Beautiful buildings of “Athens marble” — nearly white — rose on all sides, and additions were daily made to their number. A glance at the map will show the situation and conformation of the city, not differing greatly at present from what they were then. It extends along the lake shore, which here runs north and south, and of course gives it a long eastern water front. The Chicago River, which empties into the lake, forks very near its mouth, the north branch extending north westerly, and the south branch first southerly, and then a little south of west. Bounded on the north by the short main river, on the west by the north-and-south portion of the south branch, and on. the east by the lake, lay — and lies — the most important business section. Bridges were originally built across the river at intervals of two blocks, but the draws were frequently open, and great delays ensued, so a tunnel was constructed in 1869 to connect the south and west divisions, and another in 1871 to connect the north and south sides. Many as had been, up to 1871, the solid and stately buildings erected, there remained interspersed among them many more of the wooden structures of former days. For a great many miles the sidewalks too were of wood. In the early days of October, 1871, the city of Chicago was as active and bustling as at any time in its history. The preceding months had been very dry throughout the Northwestern country, and farmers were complaining; but the city people generally were hopeful and contented, and, as usual, absorbed in their occupations and industries. Nothing could have seemed more improbable than that a few hours would send this vast, strong, resolute population from prosperity to ruin, from happiness to despair. Yet on Sunday evening, October 8, some one, as the story goes, upset a lighted kerosene lamp in a small wooden building in De Koven Street, on the west side. A gale was blowing from the southwest, and in a few hours the most terrible conflagration known in modern times was fiercely raging. In the division where it originated it burned over 194 acres, reduced 500 buildings to ashes, and made 2500 people homeless. Crossing to the south division, it swept over 460 acres, and destroyed 1600 stores, 28 hotels, 60 manufacturing establishments and homes of some 22,000 persons. Rushing across the main river it attacked the north side. In short time, on an area of 1470 acres, here had been the dwellings of 75,000 people, 600 stores, and 100 manufactories, ere was left, out of 13,300 buildings, just one the residence of Mr. Mahlon Ogden, now the Union Club. The whole area traversed was about three and one-third miles. These figures will, of course, fail to convey any true idea of the frightful but a clearer one might be picturing the destruction of every building in New York city south drawn from the North to the East River at Worth Street.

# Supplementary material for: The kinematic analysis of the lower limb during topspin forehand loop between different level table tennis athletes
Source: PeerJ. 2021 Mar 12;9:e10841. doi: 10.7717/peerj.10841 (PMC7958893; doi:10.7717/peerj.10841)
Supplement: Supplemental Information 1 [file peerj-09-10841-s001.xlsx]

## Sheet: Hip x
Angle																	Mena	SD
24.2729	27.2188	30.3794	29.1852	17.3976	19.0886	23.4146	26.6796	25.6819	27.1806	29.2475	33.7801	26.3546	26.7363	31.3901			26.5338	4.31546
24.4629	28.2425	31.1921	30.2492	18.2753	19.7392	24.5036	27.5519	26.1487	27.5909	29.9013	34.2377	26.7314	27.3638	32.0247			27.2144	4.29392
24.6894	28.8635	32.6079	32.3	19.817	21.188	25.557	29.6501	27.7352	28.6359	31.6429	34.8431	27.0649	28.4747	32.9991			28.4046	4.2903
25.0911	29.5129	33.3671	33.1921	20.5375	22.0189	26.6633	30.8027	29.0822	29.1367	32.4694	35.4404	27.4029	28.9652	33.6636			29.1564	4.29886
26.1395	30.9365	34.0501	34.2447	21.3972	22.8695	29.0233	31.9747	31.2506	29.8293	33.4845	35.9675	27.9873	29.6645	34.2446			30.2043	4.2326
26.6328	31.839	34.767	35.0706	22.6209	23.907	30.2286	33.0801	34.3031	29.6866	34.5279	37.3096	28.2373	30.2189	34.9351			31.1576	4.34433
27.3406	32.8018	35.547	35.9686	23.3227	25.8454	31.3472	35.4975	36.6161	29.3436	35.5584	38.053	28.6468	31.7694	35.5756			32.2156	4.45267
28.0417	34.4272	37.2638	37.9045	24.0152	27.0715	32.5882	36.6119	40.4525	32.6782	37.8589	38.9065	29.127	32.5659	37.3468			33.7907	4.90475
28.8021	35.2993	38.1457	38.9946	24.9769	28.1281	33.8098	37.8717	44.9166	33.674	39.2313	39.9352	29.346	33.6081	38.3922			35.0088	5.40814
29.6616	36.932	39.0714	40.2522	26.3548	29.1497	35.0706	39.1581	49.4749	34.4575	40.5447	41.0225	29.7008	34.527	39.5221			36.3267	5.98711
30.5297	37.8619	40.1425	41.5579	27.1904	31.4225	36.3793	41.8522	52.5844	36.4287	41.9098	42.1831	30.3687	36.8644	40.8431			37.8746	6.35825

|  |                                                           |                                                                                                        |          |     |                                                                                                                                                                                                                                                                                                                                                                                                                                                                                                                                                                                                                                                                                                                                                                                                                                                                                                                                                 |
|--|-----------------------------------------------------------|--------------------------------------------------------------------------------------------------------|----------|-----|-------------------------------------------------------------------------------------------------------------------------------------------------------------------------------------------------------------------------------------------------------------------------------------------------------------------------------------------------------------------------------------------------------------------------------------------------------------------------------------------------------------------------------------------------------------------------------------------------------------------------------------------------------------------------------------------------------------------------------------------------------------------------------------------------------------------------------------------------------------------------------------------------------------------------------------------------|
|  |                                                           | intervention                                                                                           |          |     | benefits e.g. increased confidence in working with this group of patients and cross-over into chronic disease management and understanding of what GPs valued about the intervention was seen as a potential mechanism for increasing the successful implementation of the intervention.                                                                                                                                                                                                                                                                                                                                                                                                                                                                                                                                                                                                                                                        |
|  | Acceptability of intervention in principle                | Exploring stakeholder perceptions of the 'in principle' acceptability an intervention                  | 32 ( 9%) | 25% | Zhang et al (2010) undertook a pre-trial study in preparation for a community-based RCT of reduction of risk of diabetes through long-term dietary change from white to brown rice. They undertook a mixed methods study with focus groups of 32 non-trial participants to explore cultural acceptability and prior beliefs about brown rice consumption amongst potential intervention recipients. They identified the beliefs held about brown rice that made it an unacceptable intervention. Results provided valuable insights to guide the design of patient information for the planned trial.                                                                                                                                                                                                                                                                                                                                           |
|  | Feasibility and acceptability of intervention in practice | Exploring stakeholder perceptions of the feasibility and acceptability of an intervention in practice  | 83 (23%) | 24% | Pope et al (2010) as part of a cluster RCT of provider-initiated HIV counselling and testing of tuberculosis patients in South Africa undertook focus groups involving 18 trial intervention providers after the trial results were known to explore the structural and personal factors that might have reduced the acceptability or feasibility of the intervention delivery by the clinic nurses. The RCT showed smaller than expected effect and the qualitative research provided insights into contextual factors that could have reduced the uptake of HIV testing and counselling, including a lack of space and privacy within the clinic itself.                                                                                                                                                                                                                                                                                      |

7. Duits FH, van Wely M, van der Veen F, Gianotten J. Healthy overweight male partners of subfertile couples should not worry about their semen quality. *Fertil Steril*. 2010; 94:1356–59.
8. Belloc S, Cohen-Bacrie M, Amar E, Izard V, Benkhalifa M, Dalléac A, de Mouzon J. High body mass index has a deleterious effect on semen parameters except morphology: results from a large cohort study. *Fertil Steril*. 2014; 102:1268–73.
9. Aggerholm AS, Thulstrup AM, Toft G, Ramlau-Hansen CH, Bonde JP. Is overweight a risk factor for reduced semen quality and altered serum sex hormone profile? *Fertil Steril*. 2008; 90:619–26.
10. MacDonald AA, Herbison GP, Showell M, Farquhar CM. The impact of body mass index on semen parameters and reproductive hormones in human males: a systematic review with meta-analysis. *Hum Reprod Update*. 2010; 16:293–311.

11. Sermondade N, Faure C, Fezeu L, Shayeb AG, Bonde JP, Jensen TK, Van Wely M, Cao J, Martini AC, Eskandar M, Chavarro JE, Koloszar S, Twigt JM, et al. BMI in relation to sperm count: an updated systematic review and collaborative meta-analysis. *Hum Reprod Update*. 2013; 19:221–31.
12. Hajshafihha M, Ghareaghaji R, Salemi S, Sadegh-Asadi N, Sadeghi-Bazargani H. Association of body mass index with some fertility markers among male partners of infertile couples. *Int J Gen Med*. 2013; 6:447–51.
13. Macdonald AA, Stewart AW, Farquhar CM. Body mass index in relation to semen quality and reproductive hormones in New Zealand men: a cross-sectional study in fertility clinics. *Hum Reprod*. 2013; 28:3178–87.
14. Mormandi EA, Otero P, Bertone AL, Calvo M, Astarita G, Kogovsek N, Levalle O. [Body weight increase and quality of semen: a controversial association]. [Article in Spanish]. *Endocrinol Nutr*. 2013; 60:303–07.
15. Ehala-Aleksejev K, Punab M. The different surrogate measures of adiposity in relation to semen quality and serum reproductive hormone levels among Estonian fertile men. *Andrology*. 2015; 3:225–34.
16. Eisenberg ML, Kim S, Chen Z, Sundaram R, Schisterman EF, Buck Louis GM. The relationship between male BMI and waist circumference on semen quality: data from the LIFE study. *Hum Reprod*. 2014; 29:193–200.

Strange to say, and in the face of the heart-rending stories which have been told the writer can not learn of a single life having been lost in the flames.